Dawn Primarolo: The right hon. Gentleman has made many forecasts that turned out to be wrong. If there is a list of apologies that need to be made to the House, we may be here for a long time hearing members of the last Government apologise for all their errors.

In clause 91 and with the reforms of North sea oil taxation, the Government recognise the need to strike the right balance between a fair share of profits for the nation from the exploitation of a scarce resource and the encouragement of investment. The 100 per cent. first-year allowances on capital expenditure, along with the commitment to abolish North sea royalties and the supplementary 10 per cent. charge, strikes that balance.

Small businesses account for 55 per cent. of all private sector jobs, more than 10 million, and for nearly half the economy's output. Small firms are important drivers of growth and support for them is an important theme of

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the Bill. In 1997 we cut the small companies tax rate from 23p to 21p in the pound, and in 1998 we cut it again to 20p, with a starting rate of 10p. Now, in 2002, clause 31 lowers it further, to 19p, with immediate effect.

Clause 32 proposes a fall in the starting rate for corporation tax from 10 per cent. to zero. That means that companies with profits of up to £10,000 will pay no corporation tax, and that the tax regime for small companies is more favourable than those of any of the other advanced industrial countries.

To fund the growth of our young companies, we need to increase business investment. Private equity investment has doubled since 1997, which is an important contribution to an entrepreneurial economy. But there is more to be done, and to maintain the momentum the Bill cuts capital gains tax to 20 per cent. in respect of business assets held for a year or more. In the case of business assets held for more than two years, it cuts the tax to 10 per cent. That means that, overall, Britain's capital gains tax regime is more favourable to enterprise than that of the United States.

I know that for many small businesses the cost of compliance is important. The Budget set out proposals to reform the administration of VAT, to help smaller firms comply with PAYE, and to remove unnecessary regulation. Clauses 23 to 25 set out the steps we are taking to simplify and streamline the VAT regime.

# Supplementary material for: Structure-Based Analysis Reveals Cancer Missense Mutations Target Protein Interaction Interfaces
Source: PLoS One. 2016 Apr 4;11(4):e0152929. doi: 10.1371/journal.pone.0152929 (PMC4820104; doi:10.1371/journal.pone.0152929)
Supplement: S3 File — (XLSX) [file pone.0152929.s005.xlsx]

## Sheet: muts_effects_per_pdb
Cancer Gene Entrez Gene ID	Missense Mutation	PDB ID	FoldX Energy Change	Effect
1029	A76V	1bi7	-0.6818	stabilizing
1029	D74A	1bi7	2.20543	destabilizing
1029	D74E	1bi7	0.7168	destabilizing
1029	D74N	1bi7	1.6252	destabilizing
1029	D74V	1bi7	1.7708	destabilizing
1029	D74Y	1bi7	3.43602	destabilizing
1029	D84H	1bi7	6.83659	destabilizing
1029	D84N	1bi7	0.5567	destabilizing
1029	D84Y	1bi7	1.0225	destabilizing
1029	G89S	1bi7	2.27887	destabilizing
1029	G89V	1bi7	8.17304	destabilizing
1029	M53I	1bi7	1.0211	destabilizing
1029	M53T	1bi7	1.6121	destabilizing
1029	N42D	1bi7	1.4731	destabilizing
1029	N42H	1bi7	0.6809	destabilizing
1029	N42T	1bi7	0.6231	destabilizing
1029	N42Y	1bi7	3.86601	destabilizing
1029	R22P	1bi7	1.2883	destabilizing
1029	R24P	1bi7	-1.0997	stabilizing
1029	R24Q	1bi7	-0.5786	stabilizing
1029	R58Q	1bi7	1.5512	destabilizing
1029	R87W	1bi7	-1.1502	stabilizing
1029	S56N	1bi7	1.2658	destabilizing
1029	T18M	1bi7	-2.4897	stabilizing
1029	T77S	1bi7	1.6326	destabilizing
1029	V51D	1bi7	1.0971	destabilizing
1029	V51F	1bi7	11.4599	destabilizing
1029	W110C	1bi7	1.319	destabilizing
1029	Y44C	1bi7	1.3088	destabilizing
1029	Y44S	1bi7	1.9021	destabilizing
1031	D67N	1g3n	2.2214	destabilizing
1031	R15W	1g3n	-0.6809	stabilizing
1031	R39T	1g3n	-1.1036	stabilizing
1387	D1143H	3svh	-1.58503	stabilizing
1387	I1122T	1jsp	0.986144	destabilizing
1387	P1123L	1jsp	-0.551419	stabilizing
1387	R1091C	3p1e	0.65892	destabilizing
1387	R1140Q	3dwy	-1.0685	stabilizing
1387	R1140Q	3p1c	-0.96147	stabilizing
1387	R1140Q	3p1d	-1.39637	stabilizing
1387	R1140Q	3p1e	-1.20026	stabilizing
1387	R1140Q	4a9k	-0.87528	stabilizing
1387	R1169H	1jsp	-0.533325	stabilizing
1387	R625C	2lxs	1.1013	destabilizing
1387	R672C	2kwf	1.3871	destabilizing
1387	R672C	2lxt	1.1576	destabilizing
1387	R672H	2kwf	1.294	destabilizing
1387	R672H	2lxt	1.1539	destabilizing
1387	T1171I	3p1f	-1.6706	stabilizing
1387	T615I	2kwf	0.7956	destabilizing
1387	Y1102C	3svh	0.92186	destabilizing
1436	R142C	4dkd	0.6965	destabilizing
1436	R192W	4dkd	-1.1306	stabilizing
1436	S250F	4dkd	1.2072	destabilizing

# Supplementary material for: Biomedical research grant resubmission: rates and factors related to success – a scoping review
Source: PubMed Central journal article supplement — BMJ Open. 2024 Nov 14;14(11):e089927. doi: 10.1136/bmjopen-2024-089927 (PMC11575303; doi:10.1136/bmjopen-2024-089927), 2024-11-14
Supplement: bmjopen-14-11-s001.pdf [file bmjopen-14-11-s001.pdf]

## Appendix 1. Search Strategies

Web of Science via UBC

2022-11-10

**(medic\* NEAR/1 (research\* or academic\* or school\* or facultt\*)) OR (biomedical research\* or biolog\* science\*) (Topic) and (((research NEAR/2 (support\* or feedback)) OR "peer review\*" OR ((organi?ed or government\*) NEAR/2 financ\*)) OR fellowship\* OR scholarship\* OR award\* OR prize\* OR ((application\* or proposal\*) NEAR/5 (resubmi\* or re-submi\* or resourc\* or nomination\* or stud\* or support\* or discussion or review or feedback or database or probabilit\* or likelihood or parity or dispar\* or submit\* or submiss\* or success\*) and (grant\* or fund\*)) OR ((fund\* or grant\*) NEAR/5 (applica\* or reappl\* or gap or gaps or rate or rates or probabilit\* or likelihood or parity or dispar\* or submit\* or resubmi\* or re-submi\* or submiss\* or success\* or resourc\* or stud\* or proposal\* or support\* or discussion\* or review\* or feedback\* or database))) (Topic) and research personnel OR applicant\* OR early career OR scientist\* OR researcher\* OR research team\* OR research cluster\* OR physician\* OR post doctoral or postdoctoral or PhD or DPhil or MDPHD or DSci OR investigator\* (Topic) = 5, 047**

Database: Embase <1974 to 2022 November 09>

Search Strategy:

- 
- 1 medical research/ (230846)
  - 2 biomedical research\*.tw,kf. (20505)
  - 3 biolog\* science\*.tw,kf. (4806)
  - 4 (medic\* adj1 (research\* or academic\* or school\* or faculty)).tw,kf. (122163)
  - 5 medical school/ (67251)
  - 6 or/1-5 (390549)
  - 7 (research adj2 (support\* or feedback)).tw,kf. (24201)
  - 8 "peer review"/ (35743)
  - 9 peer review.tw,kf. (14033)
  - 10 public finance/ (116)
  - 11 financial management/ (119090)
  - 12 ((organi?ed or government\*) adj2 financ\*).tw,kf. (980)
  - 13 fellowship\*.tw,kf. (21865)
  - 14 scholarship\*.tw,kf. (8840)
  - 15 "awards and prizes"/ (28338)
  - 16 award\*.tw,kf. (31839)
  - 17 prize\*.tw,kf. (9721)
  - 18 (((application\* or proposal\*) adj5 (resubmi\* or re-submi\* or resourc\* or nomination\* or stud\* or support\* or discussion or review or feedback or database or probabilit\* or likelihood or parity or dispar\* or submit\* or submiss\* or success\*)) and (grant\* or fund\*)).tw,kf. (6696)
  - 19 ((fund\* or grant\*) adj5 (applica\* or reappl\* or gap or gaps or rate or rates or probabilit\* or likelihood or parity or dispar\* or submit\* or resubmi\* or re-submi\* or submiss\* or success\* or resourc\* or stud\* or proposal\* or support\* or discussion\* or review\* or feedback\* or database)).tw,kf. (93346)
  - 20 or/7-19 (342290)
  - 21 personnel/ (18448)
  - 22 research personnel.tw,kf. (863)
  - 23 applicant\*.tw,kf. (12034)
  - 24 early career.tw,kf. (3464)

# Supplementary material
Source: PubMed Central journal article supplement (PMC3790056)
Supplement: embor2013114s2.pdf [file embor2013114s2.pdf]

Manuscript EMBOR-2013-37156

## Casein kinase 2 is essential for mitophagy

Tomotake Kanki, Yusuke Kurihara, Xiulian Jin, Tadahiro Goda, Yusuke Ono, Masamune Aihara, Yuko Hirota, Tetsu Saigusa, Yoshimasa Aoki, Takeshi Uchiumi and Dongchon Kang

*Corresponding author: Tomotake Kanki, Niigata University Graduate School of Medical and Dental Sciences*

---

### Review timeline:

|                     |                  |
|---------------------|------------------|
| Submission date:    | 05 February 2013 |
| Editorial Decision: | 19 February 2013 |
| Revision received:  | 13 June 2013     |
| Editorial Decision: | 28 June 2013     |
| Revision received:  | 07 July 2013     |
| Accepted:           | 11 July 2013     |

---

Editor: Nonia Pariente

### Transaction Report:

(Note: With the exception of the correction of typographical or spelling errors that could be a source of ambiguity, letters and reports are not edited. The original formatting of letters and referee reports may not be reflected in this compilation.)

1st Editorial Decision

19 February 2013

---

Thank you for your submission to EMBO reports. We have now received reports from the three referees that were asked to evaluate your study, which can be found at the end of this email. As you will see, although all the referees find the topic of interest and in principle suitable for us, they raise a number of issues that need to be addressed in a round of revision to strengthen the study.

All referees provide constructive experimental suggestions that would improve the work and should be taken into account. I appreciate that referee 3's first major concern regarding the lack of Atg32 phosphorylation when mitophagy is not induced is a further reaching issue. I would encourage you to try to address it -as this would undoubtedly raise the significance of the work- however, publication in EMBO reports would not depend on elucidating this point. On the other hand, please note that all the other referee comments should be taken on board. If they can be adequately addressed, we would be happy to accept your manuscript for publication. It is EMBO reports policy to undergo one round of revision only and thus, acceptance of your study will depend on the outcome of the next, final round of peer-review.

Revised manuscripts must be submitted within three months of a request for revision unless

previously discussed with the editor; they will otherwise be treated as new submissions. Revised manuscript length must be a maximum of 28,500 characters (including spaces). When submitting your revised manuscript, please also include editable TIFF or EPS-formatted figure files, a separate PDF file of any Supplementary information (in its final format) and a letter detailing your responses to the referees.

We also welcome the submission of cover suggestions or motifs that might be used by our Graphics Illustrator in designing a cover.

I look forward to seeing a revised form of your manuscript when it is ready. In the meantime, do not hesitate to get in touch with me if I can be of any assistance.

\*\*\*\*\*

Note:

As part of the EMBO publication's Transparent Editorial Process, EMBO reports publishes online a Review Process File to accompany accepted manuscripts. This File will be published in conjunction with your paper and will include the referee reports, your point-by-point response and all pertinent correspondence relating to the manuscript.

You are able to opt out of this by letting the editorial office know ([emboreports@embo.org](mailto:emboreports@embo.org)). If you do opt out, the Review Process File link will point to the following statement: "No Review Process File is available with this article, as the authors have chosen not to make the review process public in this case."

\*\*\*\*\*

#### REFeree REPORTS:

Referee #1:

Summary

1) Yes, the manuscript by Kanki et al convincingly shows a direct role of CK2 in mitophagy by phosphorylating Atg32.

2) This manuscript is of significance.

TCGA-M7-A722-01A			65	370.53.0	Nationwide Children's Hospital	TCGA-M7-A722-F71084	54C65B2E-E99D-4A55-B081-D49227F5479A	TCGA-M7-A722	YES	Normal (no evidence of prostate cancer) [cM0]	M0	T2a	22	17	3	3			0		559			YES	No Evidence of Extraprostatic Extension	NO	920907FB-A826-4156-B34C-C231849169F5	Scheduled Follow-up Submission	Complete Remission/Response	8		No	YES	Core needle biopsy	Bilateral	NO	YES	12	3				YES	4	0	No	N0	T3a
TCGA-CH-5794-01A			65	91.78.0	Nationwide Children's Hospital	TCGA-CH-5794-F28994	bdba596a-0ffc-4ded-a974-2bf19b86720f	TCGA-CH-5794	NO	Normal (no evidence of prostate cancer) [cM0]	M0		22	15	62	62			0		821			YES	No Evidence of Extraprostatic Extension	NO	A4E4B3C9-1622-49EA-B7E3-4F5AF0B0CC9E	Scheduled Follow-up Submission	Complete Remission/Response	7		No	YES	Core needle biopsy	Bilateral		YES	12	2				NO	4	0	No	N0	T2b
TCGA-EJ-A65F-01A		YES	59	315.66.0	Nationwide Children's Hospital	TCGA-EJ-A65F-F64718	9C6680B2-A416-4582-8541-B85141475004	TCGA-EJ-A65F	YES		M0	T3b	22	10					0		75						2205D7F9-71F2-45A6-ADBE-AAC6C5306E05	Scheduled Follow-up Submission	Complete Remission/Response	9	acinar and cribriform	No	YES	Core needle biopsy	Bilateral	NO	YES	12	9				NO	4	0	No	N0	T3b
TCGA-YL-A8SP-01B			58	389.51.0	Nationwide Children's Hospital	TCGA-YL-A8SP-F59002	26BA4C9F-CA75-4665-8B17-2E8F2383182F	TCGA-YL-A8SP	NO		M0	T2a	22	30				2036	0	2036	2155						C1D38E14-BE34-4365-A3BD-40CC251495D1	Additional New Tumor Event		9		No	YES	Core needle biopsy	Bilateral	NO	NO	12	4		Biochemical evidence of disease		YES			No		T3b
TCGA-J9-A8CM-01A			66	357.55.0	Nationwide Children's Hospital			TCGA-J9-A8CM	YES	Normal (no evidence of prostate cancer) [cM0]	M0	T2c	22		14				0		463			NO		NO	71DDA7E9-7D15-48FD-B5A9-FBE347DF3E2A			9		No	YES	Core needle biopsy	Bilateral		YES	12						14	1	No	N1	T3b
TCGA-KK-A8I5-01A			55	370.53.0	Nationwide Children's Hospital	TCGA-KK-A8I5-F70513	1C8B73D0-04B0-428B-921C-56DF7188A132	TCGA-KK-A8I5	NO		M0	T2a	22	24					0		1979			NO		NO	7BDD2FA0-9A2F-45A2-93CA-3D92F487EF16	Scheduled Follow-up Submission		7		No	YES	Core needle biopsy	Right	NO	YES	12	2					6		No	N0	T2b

In disadvantaged areas too, however, businesses can be a catalyst for community regeneration. In recognition of that, in 2000 we designated enterprise neighbourhoods. Small business tax cuts will be supported by further measures to encourage social entrepreneurs. We introduced the community investment tax credit, creating an incentive to invest in disadvantaged communities.

The emerging consensus on the idea of sustainable development is also an opportunity for British companies. Investing now in energy-saving technologies and techniques is the best way of getting ahead of the game and gaining an important advantage over our foreign competitors. Investment in energy-saving technologies will qualify for enhanced capital allowances at a rate of 100 per cent., strengthening our economy as we move towards our Kyoto targets. Incentives will also be introduced to drive cleaner vehicles, with a reduction in the licence fee of £30 for the most efficient cars, £55 for the least polluting vans and £35 for the least polluting motor cycles. This is a balanced approach, taking into account the needs of the economy and our communities and the need for secure employment.

To ensure fairness for taxpayers and for business, we must act swiftly to close tax loopholes and be vigilant against tax avoidance. We have decided to act with immediate effect on the avoidance of stamp duty on property and to put an end to artificial schemes for VAT avoidance.

The United Kingdom remains a low-tax environment, favourable to business and enterprise. That has been acknowledged by a wide range of surveys and reports from business management. The Institute of Management development study, published recently, states that the United Kingdom has better withstood the uncertainties of the global economy. The Government have put in place a comprehensive set of measures aimed at raising competitiveness and closing our productivity gap with our major competitors.

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Another survey, conducted earlier this year, said:

The Bill promotes investment in our families and communities, in those who are disadvantaged, in enterprise, in the future growth of the British economy and in the national health service and our public services, providing for the people of the United Kingdom security, opportunity and a future in which they will be able to contribute to a growing and flourishing economy. I commend it to the House.